According to the 2020 Adaptation Gap Report, released on Thursday by the UN Environment Programme (UNEP), as temperatures rise and climate change impacts intensify, nations must urgently step up action to adapt to the new climate reality or face serious costs, damages and losses.
A new study co-authored by researchers from the Wildlife Conservation Society’s (WCS) Global Conservation Program and the University of British Columbia (UBC) Faculty of Forestry introduces a classification called Resistance-Resilience-Transformation (RRT) that enables the assessment of whether and to what extent a management shift toward transformative action is occurring in conservation
Earth’s global average surface temperature in 2020 tied with 2016 as the warmest year on record, according to an analysis by NASA.
Continuing the planet’s long-term warming trend, the year’s globally averaged temperature was 1.84 degrees Fahrenheit (1.02 degrees Celsius) warmer than the baseline 1951-1980 mean, according to scientists at NASA’s Goddard Institute for Space Studies (GISS) in New York. 2020 edged out 2016 by a very small amount, within the margin of error of the analysis, making the years effectively tied for the warmest year on record.
Frozen for thousands of years in Arctic permafrost, billions of tons of carbon and methane are slowly being released into the atmosphere due to rising temperatures. A new study shows that while the release is slow, continued thawing of this permafrost will significantly impact Earth’s climate.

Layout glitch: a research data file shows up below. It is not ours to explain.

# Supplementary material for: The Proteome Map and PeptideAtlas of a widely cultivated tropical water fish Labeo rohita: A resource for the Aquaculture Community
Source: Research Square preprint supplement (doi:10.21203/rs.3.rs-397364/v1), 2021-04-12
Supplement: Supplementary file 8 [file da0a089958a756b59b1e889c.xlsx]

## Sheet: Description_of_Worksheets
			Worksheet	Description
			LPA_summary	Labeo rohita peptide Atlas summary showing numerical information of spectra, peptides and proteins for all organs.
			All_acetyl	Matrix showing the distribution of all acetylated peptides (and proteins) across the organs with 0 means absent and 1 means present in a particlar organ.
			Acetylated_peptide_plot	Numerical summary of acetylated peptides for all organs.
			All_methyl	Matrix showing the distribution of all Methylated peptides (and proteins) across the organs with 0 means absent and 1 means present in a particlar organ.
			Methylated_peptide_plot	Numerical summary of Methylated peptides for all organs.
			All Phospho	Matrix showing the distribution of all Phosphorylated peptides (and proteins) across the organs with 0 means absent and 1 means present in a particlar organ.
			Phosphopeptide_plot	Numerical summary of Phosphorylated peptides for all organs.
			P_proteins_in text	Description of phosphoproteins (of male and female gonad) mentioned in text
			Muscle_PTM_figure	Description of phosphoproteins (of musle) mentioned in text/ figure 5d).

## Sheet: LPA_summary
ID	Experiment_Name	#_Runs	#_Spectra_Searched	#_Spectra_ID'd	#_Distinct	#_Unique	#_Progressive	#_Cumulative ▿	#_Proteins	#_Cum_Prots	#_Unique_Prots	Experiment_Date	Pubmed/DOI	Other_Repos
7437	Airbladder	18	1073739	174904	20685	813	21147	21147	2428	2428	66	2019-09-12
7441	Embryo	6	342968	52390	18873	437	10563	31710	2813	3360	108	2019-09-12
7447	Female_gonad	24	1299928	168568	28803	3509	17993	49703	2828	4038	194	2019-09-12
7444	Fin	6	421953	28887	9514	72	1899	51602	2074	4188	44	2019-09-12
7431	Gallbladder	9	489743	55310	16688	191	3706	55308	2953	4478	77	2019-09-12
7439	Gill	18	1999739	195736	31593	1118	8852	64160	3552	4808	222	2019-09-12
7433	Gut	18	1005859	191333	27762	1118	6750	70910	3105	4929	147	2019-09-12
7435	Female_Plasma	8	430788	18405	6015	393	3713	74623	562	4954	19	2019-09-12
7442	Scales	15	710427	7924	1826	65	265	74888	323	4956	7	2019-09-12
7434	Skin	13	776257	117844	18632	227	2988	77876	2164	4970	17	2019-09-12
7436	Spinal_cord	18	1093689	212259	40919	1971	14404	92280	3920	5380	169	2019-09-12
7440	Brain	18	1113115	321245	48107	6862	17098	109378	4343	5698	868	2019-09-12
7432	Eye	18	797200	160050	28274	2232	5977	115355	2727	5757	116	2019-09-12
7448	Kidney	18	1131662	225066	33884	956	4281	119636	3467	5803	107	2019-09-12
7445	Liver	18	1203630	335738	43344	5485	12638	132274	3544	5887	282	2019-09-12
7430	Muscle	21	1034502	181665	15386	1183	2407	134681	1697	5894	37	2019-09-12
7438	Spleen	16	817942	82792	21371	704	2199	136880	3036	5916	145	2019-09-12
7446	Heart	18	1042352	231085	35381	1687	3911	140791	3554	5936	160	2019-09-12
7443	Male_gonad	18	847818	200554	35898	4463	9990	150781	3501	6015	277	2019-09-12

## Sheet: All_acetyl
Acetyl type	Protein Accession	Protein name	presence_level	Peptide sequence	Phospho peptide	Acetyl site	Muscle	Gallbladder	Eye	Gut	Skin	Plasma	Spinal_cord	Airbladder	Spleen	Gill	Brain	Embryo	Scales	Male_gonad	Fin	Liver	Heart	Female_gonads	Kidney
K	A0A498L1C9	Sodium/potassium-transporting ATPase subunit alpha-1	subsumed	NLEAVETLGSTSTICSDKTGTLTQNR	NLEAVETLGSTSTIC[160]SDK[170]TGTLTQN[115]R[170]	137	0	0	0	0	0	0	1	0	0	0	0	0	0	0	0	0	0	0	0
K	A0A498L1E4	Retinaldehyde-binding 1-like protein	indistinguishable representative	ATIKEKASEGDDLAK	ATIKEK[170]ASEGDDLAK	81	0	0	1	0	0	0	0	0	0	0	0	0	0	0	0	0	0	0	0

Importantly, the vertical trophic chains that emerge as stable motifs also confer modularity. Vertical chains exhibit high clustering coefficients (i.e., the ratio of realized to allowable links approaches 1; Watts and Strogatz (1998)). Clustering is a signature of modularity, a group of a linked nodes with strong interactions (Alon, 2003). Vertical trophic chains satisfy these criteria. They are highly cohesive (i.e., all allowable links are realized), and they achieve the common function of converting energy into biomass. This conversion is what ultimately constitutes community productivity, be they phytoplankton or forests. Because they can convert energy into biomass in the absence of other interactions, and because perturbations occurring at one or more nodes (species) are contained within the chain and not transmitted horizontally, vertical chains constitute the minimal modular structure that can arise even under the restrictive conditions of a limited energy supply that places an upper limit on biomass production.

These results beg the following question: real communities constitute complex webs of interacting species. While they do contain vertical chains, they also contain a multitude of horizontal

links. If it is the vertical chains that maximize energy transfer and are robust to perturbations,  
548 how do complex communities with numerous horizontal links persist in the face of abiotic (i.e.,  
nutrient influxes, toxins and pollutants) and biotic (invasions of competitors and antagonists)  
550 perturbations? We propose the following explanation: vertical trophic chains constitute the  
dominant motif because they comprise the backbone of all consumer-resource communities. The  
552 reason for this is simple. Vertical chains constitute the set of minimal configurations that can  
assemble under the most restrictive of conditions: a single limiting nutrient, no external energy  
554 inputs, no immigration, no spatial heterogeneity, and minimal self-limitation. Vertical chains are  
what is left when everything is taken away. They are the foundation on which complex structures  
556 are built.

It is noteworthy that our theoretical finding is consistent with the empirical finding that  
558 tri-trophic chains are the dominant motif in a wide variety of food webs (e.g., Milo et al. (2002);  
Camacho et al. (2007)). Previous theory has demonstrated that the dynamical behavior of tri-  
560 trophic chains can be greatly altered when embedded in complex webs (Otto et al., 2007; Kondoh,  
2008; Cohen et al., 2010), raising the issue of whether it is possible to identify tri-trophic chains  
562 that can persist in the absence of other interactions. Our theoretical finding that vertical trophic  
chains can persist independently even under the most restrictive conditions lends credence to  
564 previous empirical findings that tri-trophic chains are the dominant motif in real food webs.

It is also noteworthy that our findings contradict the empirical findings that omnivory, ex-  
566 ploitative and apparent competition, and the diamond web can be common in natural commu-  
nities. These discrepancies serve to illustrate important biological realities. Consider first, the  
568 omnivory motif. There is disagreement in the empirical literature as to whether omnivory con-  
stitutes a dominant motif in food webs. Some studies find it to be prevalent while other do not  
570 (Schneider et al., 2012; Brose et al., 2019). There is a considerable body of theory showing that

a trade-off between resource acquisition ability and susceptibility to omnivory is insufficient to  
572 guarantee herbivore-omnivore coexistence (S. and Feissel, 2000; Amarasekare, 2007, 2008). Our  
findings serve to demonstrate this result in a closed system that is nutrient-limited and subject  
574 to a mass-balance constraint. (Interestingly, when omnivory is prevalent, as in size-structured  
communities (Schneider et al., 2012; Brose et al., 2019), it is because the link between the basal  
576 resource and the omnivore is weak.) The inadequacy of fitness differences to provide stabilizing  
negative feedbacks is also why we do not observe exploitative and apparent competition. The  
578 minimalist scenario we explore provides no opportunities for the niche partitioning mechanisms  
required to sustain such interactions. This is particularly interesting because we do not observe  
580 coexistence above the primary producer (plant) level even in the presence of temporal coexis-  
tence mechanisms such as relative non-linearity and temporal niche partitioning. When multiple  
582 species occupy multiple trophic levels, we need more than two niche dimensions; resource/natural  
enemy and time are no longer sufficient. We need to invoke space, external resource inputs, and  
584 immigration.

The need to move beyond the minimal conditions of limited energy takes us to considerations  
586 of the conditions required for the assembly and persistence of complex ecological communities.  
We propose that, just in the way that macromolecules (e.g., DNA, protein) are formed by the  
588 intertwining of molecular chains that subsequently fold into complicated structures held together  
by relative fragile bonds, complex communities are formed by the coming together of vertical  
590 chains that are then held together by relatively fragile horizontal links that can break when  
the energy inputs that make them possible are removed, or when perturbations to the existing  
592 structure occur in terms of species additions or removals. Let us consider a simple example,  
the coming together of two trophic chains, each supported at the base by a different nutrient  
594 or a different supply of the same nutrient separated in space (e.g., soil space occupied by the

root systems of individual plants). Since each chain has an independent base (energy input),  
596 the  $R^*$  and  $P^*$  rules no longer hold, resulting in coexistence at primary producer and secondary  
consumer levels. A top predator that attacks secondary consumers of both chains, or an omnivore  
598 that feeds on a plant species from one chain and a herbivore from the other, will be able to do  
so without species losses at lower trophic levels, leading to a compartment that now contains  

That’s why firing bullets from a gun is more dangerous than tossing them by hand. Why skydivers use parachutes. Why roads have speed limits. And why it’s critical to understand how quickly human activity will drive the climate to change, compared with past rates. Will we cause gradual shifts that civilization and life on Earth can adapt to — or are we igniting a wildfire that can’t be outrun?
In an annual letter to CEOs earlier in 2020, BlackRock Chairman and CEO Larry Fink said “climate change has become a defining factor in companies’ long-term prospects … But awareness is rapidly changing, and I believe we are on the edge of a fundamental reshaping of finance.”
In the closing months of the Trump administration, energy companies stockpiled enough drilling permits for western public lands to keep pumping oil for years and undercut President-elect Joe Biden’s plans to curb new drilling because of climate change, according to public records and industry analysts.
Financial firms produce very few greenhouse-gas emissions directly, aside from those associated with keeping the lights on and the computers whirring. But the picture changes dramatically when you add “financed emissions”, those associated with a firm’s lending and investing activities. Figures from the few banks and asset managers that disclose them suggest that financed emissions are 100 to 1,000 times bigger than operational ones.
Two years ago, an influential self-published paper entitled, “Deep Adaptation: A Map for Navigating the Climate Tragedy,” written by Jem Bendell, suggested that we were too late to save the world. Yet, in their rebuttal to Deep Adaptation, researchers Galen Hall and Tom Nicholas argue, “The fundamental battle in climate change right now is whether or not we can understand it as a primarily political struggle — rather than a scientific or natural struggle — and then win that struggle,” Mr. Hall said. “Deep Adaptation or fatalism in general is just one way of depoliticizing it because it puts everything up to inhuman forces.”